Art

Old Is New Again for a Local Furniture Maker

David Ellison creates one-of-a-kind pieces at the Lorimer Workshop

Posted

The Lorimer Workshop’s founder David Ellison knows that a table is never just a table. It’s a meeting place; a place to entertain and celebrate, to catch up and enjoy the comfort and company of family and friends. That’s why each piece that David custom-designs and handcrafts is as unique as the carefully chosen lumber it’s made from and customer it’s made for. “People want to be part of the discussion,” says David of his customer demographic and their creative input.

When David took an “early retirement” eight years ago with plans to spend more time pursuing his lifelong hobby of restoring antique furniture, he had no idea that his passion project would become a full time business. He started an online Etsy store to sell his furniture, and the company that specializes in sales of arts and handicrafts was so impressed with the product they placed an order of their own, filling their Brooklyn offices with dozens of David-designed desks. Now with a staff of seven and a work- shop in an addition to Providence’s renovated Dyerville Mill, David and his team are crafting custom tables for homes across the country.

David has always been interested in the history and functionality of design, a love he credits to his mother and a childhood visiting old houses all across his native Scotland. His tables have a story already engrained in their purpose and construction technique, whether crafting a utilitarian American farm table or a contemporary industrial design with legs crafted from old cast iron machinery. “There’s almost an excitement about building something the way it would have been built 100, 200 years ago, with some improvements, with modern materials and saws.”

David draws inspiration from the unique origins, eras and cultures of table styles, as well as from the customers themselves. “The creativity over the years has been the customer’s creativity,” says David on the input and collaboration he embraces. Often customers will bring him an idea or even their own design, and David will work to adapt their vision into a piece of furniture that will become part of their home and family history. David documents the whole process, giving insight into the artistry and workmanship behind each table and acquainting the customer with their table before it even arrives. When he can, David personally delivers the product, sharing a glass of wine and toasting the memories yet to be made around the table.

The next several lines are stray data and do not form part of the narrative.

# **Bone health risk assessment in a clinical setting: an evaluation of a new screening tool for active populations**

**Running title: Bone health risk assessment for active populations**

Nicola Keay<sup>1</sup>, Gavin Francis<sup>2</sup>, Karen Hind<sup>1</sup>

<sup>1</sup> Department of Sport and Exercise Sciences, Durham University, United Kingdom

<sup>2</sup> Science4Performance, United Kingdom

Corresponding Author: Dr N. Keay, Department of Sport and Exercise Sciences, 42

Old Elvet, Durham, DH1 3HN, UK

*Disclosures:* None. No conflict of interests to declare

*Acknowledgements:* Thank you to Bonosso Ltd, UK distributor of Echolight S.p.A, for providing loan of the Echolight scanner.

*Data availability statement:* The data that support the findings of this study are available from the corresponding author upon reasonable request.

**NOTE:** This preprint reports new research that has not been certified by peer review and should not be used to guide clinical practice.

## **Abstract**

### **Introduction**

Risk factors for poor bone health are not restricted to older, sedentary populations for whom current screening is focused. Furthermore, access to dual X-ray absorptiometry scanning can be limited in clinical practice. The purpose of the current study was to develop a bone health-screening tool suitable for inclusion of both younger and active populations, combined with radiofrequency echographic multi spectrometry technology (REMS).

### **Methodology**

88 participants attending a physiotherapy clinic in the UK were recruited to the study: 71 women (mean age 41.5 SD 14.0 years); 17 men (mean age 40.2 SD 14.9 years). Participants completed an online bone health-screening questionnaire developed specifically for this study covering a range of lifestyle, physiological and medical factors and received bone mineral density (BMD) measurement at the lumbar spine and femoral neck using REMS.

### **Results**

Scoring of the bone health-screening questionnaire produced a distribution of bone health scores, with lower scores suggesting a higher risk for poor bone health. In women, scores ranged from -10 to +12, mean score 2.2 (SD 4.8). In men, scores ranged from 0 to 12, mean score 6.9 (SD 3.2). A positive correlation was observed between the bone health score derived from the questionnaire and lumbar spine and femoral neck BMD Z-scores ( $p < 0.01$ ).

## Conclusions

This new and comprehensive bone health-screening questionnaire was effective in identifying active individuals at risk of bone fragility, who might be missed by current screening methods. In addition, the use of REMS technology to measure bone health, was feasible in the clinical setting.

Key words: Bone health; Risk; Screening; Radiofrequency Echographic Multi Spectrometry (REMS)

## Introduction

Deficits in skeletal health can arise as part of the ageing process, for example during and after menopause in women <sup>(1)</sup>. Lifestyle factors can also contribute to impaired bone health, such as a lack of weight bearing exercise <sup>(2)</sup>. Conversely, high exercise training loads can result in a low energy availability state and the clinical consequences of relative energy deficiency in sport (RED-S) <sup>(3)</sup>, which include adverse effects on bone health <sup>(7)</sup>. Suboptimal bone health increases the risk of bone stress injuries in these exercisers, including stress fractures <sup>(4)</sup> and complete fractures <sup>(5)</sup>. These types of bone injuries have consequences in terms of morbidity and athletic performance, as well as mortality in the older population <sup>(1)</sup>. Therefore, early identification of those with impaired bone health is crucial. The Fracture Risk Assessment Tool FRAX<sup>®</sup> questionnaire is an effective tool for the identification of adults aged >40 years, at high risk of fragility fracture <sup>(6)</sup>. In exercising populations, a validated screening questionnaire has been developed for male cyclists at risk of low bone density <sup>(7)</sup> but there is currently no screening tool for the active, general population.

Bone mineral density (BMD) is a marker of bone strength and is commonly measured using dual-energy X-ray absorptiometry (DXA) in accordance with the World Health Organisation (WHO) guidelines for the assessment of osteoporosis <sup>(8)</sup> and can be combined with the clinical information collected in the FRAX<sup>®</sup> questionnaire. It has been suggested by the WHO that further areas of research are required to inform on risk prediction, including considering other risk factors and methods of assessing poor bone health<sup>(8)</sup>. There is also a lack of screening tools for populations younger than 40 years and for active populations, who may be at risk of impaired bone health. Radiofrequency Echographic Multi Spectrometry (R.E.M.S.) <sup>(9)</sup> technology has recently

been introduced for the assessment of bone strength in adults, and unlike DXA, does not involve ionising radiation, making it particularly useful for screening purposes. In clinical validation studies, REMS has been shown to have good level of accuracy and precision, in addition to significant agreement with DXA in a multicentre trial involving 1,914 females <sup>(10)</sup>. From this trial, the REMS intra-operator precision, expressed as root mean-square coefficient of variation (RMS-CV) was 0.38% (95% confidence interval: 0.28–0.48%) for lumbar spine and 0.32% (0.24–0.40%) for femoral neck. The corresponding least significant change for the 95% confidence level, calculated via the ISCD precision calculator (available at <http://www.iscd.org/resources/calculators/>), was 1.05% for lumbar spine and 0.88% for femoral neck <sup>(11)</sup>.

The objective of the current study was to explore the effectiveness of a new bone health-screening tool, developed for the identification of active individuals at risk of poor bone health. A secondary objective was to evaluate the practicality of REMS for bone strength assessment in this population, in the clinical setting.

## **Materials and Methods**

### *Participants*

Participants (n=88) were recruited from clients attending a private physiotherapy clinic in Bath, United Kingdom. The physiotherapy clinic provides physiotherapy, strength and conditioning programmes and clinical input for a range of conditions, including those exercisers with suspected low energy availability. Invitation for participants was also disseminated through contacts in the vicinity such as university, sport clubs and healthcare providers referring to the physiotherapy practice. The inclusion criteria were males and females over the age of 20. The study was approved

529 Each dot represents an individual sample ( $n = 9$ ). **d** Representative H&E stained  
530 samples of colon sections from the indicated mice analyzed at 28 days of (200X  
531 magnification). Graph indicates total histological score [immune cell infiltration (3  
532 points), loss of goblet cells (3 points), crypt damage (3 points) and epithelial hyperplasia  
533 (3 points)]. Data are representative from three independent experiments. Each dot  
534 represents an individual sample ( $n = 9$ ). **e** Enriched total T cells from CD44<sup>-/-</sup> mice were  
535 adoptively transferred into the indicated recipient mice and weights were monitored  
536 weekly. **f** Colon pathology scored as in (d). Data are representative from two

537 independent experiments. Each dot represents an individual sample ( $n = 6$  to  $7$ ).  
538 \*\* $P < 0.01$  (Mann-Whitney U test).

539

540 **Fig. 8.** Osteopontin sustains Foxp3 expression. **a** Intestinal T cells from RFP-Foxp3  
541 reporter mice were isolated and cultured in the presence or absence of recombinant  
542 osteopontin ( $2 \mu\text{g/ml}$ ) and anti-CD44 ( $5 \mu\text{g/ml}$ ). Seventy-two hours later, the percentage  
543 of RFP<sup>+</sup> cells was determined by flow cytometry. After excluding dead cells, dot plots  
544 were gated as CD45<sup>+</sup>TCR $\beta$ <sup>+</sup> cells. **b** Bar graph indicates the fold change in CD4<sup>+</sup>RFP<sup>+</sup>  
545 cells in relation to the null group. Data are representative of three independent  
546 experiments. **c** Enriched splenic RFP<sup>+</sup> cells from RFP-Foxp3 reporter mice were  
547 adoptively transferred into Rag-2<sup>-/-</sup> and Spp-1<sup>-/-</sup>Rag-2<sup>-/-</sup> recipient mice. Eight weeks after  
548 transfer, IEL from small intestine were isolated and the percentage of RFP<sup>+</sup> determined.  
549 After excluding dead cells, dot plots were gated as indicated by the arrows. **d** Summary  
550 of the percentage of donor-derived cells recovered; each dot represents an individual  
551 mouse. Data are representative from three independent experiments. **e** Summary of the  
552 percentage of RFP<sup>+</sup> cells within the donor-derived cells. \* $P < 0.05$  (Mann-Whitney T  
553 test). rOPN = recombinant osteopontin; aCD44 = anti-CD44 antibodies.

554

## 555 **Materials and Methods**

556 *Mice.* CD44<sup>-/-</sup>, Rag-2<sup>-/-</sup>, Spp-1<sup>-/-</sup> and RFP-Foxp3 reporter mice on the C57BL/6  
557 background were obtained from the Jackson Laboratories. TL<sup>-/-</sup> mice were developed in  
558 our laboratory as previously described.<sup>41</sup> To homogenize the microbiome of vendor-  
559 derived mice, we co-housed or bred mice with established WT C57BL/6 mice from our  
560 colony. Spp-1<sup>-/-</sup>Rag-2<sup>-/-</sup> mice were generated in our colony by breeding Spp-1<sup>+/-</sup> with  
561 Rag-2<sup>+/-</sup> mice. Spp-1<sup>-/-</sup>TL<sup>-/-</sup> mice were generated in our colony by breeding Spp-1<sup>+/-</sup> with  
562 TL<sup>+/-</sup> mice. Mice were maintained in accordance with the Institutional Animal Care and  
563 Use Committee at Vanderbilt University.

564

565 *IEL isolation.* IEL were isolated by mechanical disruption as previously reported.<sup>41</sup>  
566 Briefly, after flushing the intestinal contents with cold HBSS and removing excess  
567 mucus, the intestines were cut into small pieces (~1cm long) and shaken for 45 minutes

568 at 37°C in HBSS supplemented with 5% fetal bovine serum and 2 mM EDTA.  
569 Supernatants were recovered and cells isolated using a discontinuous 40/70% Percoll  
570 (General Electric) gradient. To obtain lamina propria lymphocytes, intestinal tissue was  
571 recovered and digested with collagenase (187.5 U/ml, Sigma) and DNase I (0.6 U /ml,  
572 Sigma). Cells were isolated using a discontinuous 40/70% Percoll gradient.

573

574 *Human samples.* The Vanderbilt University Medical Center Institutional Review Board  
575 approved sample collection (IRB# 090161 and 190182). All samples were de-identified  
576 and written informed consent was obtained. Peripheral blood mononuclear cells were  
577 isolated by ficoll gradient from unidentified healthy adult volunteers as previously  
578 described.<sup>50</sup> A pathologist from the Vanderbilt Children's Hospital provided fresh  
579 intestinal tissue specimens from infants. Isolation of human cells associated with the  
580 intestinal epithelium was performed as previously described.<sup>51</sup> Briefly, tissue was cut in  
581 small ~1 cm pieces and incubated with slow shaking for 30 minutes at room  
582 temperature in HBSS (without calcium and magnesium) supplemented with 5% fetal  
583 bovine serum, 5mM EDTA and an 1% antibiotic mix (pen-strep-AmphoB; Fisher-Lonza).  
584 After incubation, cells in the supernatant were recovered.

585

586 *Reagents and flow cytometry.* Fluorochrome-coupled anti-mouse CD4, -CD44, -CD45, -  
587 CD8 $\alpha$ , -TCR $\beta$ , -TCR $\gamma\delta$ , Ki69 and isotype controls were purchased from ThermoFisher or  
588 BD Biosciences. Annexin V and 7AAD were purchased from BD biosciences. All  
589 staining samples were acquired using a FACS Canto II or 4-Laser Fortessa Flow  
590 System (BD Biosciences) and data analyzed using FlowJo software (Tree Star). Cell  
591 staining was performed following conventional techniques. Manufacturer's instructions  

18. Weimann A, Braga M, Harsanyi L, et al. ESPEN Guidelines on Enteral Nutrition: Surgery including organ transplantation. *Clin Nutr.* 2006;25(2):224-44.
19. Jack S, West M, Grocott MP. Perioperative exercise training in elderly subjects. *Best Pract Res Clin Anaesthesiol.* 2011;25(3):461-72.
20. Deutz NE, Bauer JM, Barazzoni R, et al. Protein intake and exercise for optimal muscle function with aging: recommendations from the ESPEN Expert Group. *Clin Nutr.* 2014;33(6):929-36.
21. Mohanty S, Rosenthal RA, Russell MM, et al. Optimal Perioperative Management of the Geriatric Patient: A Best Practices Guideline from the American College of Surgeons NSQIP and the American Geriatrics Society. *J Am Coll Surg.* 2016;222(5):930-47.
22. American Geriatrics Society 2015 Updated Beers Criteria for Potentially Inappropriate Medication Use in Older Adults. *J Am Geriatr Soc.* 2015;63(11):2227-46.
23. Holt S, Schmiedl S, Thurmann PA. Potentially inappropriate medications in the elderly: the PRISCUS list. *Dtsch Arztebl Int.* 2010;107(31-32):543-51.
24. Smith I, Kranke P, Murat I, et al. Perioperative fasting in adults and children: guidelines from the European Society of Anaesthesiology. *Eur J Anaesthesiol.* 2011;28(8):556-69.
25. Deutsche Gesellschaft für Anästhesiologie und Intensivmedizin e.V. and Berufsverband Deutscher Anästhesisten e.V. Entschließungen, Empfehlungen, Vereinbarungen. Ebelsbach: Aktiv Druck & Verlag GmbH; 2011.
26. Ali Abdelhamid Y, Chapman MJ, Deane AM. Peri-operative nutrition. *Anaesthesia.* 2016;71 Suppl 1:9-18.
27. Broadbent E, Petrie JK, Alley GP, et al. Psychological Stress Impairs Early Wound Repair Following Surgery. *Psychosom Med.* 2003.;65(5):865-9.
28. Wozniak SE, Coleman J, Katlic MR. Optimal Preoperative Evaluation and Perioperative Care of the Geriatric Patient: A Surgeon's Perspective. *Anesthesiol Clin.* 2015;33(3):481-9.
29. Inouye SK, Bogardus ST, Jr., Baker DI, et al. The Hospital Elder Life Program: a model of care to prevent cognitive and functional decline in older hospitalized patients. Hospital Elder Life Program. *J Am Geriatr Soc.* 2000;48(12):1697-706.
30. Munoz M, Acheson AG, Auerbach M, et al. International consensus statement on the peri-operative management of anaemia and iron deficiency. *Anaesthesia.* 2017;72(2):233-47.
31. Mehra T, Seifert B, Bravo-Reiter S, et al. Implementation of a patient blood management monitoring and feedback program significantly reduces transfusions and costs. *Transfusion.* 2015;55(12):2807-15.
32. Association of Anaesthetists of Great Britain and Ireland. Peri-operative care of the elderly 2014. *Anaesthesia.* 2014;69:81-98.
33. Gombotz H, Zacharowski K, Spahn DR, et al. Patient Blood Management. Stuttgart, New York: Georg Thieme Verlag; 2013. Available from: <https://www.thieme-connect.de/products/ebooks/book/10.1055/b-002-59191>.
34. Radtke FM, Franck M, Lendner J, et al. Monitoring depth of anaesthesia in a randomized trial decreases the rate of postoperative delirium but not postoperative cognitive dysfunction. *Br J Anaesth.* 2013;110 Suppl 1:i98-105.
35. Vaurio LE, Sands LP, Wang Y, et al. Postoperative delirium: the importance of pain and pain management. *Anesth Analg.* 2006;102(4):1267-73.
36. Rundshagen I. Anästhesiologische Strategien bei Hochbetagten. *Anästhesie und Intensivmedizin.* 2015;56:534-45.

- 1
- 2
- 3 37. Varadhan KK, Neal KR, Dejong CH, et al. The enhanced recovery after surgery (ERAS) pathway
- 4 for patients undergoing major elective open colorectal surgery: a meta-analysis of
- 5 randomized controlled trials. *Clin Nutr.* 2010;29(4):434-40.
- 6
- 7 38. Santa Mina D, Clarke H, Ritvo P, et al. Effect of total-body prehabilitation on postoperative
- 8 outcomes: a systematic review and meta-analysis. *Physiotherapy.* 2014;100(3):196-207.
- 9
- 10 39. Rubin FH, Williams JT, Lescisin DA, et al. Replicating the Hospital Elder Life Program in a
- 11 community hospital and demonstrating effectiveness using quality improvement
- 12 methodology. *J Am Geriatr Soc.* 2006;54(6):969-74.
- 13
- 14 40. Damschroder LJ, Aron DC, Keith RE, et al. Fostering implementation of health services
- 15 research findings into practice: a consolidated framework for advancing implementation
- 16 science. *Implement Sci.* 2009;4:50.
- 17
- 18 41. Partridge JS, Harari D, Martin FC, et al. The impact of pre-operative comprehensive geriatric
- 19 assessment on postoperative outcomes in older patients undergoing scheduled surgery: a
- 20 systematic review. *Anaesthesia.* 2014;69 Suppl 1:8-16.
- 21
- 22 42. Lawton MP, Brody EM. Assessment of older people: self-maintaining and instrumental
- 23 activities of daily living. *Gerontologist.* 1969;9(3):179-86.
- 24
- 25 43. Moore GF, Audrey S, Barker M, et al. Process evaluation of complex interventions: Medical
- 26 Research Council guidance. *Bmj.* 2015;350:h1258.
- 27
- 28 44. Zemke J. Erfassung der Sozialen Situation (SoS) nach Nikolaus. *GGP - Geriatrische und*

He likes to use salvaged wood as often as possible. He has long-standing history with the demolition crews around the state, and on a recent road trip tells me he pulled off the road twice upon hearing of old mill spaces that were being gutted on a timber beam treasure hunt. “Its tremendous fun to look at a board, and envisage how to make it into a table that has that same uniqueness.” David’s designs don’t just include the natural flaws of the wood, they embrace them, in a way that can only be described as art. Nothing goes to waste in his studio. In fact, things seem to accumulate. His love of items and antiques that tell stories of past owners and lifetimes is evident from walls covered in vintage posters and a covetable collection of typewriters. An old bicycle sits in a far corner. “I probably can’t make a table out of that,” David jokes. But that won’t stop him from trying.

Touring through the studio I begin to see the endless possibilities in everything through his artisan eye. Something tells me I’ll be back to make some hardwood history of my own.